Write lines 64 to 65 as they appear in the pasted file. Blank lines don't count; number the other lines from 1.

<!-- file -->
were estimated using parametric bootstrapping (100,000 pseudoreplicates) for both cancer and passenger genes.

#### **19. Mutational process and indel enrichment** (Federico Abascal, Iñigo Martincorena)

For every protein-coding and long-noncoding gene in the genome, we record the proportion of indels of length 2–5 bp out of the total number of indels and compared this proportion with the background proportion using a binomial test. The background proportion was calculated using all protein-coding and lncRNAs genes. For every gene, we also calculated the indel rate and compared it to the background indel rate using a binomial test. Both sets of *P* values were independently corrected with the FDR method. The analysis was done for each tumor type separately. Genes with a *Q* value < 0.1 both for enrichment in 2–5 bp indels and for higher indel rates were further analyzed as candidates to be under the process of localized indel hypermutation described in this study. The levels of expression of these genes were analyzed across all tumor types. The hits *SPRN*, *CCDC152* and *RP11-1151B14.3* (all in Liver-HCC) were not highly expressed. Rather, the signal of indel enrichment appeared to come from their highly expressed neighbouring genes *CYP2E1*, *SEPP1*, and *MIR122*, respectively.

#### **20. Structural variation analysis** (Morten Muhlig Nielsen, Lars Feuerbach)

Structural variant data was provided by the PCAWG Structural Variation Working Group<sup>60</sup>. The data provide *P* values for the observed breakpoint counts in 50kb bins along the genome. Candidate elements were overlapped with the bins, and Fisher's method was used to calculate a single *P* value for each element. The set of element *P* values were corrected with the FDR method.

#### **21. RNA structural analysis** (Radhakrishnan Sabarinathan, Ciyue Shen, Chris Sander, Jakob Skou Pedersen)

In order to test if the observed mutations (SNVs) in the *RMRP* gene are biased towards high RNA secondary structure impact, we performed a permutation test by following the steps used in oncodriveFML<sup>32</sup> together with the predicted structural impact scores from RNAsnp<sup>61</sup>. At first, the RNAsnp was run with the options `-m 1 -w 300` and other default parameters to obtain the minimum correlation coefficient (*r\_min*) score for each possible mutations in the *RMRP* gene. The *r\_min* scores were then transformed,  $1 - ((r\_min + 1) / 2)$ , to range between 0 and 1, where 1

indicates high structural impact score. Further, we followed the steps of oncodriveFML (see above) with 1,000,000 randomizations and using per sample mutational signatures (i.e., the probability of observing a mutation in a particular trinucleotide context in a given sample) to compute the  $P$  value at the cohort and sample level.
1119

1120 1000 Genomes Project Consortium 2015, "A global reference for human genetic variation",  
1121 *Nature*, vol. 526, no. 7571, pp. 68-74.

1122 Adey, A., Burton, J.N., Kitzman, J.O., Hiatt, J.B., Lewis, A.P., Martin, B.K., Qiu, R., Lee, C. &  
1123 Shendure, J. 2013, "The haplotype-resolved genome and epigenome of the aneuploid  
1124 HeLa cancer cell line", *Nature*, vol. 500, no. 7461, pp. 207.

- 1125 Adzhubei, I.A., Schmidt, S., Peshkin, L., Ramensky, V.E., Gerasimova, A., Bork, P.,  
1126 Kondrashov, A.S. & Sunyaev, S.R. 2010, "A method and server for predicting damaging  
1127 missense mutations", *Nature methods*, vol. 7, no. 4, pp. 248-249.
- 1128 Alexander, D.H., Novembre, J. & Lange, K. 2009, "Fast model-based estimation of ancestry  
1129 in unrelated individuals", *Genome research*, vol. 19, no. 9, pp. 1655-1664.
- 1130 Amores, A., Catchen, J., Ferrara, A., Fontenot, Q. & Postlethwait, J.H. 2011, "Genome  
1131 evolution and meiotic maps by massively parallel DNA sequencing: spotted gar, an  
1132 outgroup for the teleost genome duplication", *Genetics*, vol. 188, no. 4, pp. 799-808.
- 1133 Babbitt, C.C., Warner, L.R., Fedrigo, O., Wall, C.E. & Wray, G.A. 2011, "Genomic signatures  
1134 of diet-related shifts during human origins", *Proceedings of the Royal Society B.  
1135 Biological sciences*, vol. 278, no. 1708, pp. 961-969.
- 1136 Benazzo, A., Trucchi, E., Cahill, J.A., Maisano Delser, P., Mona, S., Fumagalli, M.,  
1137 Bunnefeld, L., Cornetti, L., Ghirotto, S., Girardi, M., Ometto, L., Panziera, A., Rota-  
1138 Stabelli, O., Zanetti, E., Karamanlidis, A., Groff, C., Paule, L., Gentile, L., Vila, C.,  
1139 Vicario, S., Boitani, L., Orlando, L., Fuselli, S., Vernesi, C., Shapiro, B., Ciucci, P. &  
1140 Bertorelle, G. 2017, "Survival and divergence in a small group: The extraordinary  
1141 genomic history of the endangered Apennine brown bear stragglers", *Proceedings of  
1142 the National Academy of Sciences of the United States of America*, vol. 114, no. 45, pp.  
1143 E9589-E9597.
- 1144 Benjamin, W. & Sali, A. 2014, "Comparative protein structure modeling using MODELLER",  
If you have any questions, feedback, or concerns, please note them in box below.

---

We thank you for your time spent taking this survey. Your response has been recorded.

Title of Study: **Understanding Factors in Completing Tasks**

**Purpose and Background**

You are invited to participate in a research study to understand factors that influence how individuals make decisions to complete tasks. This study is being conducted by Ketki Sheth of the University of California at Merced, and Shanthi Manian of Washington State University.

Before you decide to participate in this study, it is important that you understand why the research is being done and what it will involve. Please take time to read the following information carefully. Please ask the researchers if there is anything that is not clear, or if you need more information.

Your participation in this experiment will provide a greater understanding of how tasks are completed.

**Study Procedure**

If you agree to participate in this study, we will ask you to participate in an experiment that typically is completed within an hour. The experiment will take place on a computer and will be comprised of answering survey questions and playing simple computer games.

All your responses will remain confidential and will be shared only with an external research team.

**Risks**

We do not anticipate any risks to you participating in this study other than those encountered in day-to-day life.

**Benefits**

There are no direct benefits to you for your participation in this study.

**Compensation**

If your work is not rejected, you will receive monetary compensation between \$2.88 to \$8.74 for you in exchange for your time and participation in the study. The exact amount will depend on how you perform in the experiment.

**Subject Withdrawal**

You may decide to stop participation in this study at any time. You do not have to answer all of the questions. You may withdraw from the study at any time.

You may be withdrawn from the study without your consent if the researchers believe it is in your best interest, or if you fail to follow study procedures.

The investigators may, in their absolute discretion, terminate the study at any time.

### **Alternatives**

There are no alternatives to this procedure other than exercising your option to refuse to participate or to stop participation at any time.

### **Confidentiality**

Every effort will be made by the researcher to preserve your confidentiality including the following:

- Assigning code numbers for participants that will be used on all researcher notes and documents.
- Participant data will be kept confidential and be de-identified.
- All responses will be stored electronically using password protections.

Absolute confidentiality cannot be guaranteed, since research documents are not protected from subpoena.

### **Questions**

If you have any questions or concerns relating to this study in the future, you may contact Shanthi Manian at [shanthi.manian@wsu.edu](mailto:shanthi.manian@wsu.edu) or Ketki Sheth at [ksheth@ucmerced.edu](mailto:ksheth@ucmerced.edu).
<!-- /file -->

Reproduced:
### **Questions**

If you have any questions or concerns relating to this study in the future, you may contact Shanthi Manian at [shanthi.manian@wsu.edu](mailto:shanthi.manian@wsu.edu) or Ketki Sheth at [ksheth@ucmerced.edu](mailto:ksheth@ucmerced.edu).